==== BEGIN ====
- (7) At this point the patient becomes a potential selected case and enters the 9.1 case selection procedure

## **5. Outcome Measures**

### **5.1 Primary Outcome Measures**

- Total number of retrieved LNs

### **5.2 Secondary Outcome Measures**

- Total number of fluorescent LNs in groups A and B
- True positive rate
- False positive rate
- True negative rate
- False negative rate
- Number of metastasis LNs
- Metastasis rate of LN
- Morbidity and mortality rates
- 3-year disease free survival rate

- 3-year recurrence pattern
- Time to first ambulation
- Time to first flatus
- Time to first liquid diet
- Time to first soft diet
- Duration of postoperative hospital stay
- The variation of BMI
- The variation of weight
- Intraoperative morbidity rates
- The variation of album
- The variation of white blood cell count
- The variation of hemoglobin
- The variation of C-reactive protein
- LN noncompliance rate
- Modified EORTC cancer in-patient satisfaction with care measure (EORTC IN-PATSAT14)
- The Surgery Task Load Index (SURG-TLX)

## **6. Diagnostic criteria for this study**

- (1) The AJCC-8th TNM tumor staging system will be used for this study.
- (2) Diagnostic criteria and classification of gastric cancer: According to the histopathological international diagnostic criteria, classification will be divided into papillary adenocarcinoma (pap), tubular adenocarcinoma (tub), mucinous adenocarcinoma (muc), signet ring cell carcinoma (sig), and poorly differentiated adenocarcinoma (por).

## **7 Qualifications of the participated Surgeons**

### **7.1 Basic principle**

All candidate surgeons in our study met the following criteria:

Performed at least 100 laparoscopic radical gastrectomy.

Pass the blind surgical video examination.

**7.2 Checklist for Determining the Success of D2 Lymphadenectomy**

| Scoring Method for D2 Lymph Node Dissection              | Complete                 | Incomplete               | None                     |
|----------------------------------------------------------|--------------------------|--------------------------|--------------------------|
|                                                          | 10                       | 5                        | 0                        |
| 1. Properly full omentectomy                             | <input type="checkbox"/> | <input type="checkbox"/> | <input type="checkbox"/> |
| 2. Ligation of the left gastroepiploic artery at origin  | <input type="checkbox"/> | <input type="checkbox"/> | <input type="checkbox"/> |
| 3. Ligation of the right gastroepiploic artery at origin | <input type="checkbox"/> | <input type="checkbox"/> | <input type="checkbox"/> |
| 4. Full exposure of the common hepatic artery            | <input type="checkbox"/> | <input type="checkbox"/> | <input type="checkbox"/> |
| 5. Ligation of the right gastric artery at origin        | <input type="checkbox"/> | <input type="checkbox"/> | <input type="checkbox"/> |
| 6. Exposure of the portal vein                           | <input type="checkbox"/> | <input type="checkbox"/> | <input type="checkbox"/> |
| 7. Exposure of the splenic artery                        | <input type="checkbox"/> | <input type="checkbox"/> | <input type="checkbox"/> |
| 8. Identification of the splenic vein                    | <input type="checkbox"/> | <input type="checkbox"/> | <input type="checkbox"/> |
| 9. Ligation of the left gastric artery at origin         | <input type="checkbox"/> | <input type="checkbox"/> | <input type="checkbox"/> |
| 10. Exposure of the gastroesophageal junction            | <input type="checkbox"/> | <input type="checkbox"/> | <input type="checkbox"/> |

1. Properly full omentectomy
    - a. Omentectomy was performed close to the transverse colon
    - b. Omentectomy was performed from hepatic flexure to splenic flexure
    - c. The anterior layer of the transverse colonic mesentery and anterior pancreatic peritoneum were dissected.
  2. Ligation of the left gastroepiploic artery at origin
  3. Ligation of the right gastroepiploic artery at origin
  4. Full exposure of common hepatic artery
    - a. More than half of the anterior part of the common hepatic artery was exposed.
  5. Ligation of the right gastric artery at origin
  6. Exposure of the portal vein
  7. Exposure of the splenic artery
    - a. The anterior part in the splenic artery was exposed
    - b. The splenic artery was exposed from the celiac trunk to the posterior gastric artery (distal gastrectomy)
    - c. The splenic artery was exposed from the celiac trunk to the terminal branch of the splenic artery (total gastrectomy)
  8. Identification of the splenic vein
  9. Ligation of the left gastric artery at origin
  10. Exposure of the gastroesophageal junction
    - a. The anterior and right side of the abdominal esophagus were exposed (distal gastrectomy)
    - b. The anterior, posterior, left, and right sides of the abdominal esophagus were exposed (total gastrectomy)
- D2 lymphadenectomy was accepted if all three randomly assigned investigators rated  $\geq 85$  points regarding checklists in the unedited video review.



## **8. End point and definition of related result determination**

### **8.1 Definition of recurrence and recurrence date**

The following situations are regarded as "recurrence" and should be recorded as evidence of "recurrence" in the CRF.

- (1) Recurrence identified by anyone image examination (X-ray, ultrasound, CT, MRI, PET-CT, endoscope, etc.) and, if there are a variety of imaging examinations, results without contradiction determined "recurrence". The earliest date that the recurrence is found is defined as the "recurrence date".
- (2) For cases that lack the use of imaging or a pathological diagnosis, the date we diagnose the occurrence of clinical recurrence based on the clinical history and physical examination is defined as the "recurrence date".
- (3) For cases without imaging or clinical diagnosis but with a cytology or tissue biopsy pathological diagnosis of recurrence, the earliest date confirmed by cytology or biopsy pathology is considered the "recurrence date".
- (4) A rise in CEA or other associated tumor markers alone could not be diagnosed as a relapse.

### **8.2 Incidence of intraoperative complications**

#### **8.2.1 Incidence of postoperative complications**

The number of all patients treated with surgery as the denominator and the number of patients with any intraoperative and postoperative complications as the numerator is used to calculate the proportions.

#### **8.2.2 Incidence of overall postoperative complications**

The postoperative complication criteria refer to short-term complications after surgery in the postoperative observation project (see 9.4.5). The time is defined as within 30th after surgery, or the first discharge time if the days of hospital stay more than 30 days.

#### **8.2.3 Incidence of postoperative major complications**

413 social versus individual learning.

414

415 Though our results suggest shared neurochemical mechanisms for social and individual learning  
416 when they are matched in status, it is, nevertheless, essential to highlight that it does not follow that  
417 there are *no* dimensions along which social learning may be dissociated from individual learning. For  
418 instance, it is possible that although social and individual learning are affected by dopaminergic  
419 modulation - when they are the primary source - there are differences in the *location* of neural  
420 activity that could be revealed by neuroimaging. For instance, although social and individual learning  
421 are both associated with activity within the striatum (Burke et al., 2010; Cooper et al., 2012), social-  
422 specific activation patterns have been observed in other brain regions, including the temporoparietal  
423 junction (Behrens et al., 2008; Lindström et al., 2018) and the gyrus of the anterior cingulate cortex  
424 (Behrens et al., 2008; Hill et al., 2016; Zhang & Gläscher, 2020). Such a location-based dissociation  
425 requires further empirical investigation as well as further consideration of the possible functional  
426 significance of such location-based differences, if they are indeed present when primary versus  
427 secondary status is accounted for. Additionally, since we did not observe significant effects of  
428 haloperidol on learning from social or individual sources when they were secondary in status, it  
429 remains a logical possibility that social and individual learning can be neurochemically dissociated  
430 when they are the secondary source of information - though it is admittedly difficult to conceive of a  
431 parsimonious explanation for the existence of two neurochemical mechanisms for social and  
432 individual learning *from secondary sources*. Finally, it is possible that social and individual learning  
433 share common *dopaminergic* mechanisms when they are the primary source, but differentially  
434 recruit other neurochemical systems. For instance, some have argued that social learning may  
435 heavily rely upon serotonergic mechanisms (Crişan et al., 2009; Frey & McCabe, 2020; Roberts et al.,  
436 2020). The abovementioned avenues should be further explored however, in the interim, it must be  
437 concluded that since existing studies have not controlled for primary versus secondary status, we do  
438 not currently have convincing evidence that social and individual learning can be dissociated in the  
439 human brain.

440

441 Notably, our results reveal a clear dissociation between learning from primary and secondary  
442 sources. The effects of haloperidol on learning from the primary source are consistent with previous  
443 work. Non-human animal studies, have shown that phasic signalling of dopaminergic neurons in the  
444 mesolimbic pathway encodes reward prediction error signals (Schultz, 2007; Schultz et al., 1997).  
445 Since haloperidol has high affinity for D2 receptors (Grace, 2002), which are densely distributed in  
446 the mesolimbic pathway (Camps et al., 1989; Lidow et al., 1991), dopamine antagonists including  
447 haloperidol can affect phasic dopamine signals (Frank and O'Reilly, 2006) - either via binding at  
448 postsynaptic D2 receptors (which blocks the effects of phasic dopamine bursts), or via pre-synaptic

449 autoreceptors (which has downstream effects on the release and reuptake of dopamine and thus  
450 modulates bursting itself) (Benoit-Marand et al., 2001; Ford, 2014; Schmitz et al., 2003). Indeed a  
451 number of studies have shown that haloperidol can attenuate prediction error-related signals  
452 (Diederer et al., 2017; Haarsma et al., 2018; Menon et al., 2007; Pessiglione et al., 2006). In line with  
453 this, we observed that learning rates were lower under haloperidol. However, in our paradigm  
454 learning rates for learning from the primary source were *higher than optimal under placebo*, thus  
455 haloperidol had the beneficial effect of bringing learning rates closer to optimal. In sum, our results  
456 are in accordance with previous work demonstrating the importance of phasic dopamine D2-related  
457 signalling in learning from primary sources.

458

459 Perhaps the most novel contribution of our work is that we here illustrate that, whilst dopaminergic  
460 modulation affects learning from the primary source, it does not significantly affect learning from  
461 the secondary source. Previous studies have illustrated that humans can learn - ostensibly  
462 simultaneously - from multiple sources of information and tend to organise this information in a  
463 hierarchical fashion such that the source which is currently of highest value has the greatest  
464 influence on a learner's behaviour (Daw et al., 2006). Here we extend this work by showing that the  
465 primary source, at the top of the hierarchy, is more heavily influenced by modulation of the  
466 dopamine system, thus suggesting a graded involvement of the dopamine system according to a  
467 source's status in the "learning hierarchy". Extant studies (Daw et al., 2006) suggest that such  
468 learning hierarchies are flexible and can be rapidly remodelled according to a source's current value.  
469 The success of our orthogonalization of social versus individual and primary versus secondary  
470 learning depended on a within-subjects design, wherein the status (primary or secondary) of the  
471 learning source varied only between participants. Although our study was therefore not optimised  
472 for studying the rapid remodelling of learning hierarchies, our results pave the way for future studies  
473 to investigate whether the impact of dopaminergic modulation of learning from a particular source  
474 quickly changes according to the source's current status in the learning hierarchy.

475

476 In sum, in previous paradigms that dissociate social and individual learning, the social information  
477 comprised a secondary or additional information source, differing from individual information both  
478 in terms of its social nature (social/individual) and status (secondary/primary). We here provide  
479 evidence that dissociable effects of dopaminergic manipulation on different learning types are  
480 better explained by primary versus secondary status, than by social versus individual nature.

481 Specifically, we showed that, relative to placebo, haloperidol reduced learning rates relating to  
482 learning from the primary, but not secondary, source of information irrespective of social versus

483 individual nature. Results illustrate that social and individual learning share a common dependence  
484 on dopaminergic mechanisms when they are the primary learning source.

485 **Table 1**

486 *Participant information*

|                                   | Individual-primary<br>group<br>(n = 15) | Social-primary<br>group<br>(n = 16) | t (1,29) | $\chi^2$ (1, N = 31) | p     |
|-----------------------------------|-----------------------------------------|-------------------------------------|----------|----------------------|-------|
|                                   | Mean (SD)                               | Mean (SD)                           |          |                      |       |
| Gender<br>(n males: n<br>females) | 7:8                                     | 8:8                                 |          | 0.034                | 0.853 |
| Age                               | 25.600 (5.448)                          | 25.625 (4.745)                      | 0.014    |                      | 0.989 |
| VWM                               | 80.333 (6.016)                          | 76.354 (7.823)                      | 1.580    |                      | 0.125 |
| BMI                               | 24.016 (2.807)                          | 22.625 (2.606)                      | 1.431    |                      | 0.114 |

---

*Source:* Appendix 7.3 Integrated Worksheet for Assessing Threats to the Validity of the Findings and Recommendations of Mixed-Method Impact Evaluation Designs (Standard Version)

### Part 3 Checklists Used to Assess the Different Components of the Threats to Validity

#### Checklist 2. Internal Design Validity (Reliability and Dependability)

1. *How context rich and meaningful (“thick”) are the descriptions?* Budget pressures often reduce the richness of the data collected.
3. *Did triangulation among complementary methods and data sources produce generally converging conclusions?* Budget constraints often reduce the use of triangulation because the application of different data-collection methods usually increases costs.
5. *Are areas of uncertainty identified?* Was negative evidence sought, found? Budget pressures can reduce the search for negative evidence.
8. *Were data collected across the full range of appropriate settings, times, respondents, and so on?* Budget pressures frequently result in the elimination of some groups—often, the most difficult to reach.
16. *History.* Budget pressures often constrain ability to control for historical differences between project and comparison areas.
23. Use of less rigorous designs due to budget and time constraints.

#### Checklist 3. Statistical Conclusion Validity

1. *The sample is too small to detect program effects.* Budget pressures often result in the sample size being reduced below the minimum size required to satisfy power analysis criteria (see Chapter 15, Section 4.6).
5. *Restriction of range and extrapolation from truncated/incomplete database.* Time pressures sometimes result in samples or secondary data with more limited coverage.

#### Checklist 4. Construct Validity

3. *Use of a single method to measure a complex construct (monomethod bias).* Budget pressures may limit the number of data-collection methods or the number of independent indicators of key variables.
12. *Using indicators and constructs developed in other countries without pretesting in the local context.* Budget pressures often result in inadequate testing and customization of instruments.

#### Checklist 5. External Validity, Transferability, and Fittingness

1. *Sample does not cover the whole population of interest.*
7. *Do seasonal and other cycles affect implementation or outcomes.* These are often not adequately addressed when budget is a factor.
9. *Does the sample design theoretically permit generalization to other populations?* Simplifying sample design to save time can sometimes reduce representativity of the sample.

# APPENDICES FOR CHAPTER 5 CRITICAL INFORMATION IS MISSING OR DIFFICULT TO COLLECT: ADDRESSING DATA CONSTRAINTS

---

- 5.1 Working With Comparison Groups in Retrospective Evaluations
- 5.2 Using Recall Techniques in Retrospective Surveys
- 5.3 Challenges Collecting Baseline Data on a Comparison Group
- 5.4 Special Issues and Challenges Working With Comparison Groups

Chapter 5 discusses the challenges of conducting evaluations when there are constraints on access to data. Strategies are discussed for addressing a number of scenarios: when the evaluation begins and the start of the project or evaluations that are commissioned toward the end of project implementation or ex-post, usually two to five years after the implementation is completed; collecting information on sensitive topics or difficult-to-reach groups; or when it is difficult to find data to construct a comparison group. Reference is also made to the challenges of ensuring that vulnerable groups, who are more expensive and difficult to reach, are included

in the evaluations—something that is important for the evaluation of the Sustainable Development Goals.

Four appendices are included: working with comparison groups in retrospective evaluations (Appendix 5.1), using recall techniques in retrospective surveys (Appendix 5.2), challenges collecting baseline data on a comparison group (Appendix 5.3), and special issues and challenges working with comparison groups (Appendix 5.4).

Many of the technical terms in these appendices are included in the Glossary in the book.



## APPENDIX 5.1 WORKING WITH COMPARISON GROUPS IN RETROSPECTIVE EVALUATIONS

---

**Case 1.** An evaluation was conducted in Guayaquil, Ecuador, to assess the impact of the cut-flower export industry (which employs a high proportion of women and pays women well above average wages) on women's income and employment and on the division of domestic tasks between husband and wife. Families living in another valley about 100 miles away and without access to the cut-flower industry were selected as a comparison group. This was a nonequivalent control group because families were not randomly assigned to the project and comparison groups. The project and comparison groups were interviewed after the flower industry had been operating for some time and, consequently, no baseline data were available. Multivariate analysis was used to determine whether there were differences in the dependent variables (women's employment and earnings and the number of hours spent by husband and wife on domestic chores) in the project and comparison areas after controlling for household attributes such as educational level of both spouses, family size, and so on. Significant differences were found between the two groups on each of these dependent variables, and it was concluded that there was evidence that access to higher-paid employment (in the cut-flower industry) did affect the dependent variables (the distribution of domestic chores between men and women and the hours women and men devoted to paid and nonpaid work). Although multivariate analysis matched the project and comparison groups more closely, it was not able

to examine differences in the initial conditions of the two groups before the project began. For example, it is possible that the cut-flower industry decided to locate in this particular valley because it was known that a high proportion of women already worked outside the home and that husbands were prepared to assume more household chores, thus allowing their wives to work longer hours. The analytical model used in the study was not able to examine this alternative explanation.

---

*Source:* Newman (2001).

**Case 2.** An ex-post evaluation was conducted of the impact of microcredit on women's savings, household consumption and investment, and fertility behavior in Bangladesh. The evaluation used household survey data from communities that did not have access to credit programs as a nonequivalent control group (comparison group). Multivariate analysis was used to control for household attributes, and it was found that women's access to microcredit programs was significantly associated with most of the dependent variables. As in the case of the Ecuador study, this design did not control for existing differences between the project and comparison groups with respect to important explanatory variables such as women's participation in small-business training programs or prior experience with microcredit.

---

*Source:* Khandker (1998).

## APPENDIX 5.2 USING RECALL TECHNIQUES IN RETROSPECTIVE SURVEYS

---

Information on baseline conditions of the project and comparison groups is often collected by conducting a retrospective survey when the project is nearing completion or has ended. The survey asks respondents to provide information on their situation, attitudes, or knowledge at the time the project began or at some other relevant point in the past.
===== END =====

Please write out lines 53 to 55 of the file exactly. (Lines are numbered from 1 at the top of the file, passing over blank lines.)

1. Properly full omentectomy
    - a. Omentectomy was performed close to the transverse colon
    - b. Omentectomy was performed from hepatic flexure to splenic flexure